Adult social care funding must be boosted by £8bn immediately to end a national scandal, peers have warned, amid concerns over a system "riddled with unfairness".
The House of Lords Economic Affairs Committee, in a report to be published today, calls on Government to act on funding to restore quality and access in adult social care.
In Yorkshire alone, an investigation by this newspaper revealed last year, authorities were dipping into reserves to the tune of almost £80m to fund budget shortfalls.
Now, as the committee finds that publicly funded social care is shrinking as local authorities struggle with limited resource, there are warnings that more than a million adults aren't receiving the care they need.
“Social care is severely underfunded," said Lord Forsyth of Drumlean, committee chairman, warning that local authorities could ill afford to pick up shortfalls. “Our recommendations will cost money, but social care should be a public spending priority."
Call for free personal care
The peers say £8bn a year is needed to restore care quality and access to 2009/10 standards, with more required in the future as the population ages.
According to the report, 1.4m older people had an unmet care need last year, while public funding had fallen £700m in real terms over seven years.
The committee suggests introducing free personal care, funded through taxes, so those with critical needs can receive help with daily activities, reducing demand for residential care.
“The whole system is riddled with unfairness," said Lord Forsyth, calling for clear proposals through a White Paper rather than a long-overdue Green Paper discussing the challenge.
"Someone with dementia can pay hundreds of thousands of pounds for their care, while someone with cancer receives it for free."
The call comes as Equalities Minister Penny Mordaunt conceded it was “fair criticism” to say the government has kept the public waiting too long.
“People have been waiting for promises on care for a long time,” she told the Today programme, when challenges over the issue.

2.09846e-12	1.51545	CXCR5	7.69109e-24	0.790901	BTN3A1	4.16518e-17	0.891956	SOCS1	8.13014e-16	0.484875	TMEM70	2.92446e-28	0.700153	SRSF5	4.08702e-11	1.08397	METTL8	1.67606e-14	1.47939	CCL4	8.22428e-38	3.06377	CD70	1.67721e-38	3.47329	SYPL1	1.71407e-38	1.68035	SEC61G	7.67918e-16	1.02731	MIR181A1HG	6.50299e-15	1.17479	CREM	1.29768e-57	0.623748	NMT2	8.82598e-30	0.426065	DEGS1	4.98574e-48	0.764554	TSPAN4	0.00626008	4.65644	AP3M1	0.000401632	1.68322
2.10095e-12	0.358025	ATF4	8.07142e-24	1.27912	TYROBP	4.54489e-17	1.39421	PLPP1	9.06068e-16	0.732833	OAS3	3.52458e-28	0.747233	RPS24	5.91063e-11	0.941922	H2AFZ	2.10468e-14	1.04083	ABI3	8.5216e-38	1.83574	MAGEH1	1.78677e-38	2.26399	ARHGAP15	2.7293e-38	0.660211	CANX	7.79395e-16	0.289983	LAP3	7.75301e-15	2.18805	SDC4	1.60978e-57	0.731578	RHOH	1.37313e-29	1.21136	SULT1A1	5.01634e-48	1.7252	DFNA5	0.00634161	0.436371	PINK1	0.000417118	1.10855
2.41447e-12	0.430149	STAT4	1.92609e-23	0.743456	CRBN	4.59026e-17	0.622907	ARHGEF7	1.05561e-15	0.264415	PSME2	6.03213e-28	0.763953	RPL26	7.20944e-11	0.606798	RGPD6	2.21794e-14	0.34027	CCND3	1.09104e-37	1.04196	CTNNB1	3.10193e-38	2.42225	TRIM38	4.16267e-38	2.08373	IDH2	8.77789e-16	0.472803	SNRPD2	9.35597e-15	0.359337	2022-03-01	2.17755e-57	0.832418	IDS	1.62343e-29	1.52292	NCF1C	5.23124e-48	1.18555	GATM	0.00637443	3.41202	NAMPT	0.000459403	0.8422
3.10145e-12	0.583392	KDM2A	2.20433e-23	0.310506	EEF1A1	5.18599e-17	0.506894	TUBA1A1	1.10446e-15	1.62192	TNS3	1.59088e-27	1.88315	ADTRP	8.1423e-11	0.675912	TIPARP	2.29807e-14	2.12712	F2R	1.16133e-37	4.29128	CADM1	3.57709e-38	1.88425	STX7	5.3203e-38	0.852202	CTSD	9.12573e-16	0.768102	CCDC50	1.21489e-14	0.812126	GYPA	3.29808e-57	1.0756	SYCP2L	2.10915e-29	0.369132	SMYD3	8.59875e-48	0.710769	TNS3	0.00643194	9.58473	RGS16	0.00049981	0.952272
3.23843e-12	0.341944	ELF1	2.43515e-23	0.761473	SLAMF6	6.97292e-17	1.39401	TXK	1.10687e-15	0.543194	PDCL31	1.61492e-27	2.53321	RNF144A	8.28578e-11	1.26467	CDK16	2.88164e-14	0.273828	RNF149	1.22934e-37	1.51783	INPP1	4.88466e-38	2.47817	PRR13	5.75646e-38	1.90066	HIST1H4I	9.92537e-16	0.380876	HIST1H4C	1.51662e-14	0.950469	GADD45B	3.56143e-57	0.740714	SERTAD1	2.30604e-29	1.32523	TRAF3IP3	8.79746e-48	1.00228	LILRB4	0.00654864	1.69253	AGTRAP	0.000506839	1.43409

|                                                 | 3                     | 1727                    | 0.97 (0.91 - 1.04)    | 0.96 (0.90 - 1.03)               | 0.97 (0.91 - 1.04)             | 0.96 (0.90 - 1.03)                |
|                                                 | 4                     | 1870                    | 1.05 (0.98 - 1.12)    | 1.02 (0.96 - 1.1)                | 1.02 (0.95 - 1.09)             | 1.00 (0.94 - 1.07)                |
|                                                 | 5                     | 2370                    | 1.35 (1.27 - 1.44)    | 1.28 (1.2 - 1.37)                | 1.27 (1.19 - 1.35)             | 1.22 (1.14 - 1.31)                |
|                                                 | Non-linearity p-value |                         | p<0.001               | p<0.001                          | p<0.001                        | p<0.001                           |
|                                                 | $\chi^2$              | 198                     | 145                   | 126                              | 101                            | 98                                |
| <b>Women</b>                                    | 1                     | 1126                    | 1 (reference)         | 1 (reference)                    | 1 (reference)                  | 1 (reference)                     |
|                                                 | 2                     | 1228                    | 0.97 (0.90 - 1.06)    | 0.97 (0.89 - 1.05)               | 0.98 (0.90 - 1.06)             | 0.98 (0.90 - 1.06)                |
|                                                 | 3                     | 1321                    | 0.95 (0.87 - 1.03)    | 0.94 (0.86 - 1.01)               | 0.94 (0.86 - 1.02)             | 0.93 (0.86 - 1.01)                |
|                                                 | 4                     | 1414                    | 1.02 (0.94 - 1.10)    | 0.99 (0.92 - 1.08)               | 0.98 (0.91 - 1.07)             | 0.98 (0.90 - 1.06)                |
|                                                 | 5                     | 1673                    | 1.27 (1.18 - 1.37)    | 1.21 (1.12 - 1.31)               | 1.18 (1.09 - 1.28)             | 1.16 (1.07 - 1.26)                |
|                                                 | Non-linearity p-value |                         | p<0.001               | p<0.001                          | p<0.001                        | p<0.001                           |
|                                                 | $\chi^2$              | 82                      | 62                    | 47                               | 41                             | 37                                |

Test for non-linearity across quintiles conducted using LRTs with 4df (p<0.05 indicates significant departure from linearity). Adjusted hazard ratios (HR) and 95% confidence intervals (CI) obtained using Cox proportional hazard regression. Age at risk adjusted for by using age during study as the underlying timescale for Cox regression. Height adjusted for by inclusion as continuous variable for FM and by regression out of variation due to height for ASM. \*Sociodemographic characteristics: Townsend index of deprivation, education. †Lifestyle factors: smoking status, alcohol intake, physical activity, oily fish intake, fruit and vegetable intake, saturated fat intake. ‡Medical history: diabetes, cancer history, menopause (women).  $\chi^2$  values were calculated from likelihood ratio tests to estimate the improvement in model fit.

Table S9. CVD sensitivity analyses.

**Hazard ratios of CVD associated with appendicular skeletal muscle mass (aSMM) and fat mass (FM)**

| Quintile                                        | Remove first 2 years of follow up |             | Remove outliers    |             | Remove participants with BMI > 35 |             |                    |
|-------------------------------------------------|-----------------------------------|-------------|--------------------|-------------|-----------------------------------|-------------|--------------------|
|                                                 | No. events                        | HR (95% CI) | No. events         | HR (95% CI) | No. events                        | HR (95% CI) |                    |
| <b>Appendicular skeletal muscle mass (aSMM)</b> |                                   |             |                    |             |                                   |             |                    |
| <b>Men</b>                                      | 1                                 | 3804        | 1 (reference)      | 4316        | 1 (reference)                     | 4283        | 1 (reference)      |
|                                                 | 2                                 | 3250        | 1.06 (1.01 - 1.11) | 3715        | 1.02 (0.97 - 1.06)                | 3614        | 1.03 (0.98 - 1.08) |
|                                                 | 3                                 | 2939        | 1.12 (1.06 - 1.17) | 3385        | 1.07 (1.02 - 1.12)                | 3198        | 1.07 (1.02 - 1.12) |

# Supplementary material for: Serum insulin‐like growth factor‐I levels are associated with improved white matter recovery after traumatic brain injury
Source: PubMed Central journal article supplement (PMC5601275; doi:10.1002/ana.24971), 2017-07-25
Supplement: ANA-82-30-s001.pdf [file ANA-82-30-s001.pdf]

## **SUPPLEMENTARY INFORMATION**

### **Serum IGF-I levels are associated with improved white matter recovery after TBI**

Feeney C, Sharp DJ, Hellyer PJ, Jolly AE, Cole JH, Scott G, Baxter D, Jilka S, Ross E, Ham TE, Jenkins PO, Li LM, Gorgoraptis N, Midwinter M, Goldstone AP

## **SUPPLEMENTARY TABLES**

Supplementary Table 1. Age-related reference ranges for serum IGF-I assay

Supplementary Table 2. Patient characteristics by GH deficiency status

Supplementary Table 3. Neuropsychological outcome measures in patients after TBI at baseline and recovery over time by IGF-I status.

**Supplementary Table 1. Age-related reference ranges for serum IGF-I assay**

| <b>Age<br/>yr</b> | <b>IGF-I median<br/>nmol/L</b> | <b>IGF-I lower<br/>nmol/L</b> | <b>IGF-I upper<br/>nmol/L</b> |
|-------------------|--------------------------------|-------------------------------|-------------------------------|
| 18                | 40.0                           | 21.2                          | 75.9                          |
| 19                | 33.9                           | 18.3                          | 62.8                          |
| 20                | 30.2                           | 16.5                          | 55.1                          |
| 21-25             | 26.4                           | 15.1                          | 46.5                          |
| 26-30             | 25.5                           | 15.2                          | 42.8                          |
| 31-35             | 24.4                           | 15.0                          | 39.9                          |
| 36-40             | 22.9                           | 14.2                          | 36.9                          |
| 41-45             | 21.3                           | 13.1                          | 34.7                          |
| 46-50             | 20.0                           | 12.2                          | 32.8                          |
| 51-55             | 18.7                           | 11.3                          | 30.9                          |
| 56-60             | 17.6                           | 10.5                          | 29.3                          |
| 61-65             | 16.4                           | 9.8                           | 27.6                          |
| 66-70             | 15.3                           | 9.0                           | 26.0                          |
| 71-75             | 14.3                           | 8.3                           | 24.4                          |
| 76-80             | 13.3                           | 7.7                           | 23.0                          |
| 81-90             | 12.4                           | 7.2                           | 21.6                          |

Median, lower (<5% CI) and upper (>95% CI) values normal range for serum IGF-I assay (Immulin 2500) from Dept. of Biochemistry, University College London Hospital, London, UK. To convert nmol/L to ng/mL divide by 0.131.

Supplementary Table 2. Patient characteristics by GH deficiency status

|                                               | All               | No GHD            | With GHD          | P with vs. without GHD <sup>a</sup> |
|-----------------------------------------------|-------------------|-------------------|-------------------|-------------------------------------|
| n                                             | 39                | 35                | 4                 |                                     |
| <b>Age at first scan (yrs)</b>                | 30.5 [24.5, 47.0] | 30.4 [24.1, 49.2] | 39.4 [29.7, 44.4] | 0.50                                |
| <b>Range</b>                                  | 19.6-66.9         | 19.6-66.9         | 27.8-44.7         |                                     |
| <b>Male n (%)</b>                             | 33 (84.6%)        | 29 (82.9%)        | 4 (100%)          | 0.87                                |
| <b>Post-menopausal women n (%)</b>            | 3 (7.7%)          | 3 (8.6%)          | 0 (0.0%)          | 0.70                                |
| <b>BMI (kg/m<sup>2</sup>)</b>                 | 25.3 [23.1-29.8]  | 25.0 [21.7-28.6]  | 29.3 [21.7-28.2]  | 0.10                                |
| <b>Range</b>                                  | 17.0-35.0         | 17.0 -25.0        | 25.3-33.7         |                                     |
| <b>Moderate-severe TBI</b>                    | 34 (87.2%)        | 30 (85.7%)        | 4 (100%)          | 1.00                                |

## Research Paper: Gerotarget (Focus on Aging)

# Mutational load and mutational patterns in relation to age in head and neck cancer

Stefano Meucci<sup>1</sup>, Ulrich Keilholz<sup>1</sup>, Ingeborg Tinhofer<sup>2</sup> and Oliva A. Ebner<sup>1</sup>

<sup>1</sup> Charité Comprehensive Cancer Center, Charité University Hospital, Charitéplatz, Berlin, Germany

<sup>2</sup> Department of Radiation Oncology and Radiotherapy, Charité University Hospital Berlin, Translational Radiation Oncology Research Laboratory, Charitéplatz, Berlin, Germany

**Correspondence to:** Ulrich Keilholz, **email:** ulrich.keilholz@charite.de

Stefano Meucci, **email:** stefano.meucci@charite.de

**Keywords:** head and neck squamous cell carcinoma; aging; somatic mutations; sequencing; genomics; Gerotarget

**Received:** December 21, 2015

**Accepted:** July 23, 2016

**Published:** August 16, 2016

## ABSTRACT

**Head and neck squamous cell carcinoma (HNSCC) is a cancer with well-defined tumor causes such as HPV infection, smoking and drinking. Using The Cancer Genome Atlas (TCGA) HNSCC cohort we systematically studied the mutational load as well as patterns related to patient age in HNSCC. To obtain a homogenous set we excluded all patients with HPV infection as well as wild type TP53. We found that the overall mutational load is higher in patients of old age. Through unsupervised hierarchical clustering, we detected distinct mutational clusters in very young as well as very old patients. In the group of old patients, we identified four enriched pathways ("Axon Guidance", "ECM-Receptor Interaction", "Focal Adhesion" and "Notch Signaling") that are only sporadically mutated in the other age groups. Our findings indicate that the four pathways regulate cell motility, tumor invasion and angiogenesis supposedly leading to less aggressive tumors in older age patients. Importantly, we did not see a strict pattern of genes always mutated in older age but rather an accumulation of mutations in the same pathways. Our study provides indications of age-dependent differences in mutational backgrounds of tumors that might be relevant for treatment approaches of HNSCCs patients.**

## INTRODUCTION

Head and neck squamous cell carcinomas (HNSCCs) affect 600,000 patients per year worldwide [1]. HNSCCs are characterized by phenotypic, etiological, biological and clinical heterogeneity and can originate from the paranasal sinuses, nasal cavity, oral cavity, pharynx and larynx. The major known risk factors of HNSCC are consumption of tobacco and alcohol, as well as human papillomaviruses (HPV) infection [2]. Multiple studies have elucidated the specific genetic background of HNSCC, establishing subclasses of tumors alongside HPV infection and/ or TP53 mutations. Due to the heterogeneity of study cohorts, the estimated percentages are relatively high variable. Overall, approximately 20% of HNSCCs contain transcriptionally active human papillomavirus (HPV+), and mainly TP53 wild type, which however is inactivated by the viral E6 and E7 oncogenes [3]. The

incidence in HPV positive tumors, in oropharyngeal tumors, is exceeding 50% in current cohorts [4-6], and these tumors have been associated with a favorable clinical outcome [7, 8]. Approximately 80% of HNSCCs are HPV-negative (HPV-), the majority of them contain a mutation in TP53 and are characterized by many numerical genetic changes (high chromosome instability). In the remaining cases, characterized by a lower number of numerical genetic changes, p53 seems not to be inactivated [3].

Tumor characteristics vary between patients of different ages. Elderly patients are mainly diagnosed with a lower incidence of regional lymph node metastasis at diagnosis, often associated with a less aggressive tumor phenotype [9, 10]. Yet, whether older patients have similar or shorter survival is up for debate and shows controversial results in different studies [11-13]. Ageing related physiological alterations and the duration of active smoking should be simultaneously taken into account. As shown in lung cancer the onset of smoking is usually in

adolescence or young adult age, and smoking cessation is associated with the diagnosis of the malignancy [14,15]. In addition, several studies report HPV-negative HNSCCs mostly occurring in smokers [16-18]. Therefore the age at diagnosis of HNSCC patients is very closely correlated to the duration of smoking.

And as the committee warns the question over fairness has been ducked, Mike Padgham, chair of the Independent Care Group in York and North Yorkshire, warns this must be a priority for the new Prime Minister.
"We keep highlighting the fact that action is needed, but no action is taken and that is inexcusable," he said. "It's gone beyond urgent now, we have got to do something quickly."
Yorkshire's authorities 'dipping into reserves'
An investigation by The Yorkshire Post, published last year, found councils in the region were under-pinning shortfalls by dipping into emergency reserves.
County Coun Michael Harrison, North Yorkshire's executive member for adult social care, warned national funding and policy has not kept pace with challenges in provision.
"We need real progress to be made by Government to find a solution," he said.
And Coun Rebecca Charlwood, executive member at Leeds City Council, said rising budgets for adult and children's social care now accounted for 65 per cent of the authority's net spend.
"We believe the funding is there and it is for the Government to make it a priority, otherwise older and disabled people face a future continuing to not receive the full support they need to live a safe and dignified life," she said.
A Department of Health and Social Care spokesperson said: "We have given local authorities access to up to £3.9bn more dedicated funding for adult social care this year, and a further £410m is available for adults and children’s services. We will set out our plans to reform the social care system at the earliest opportunity to ensure it is sustainable for the future."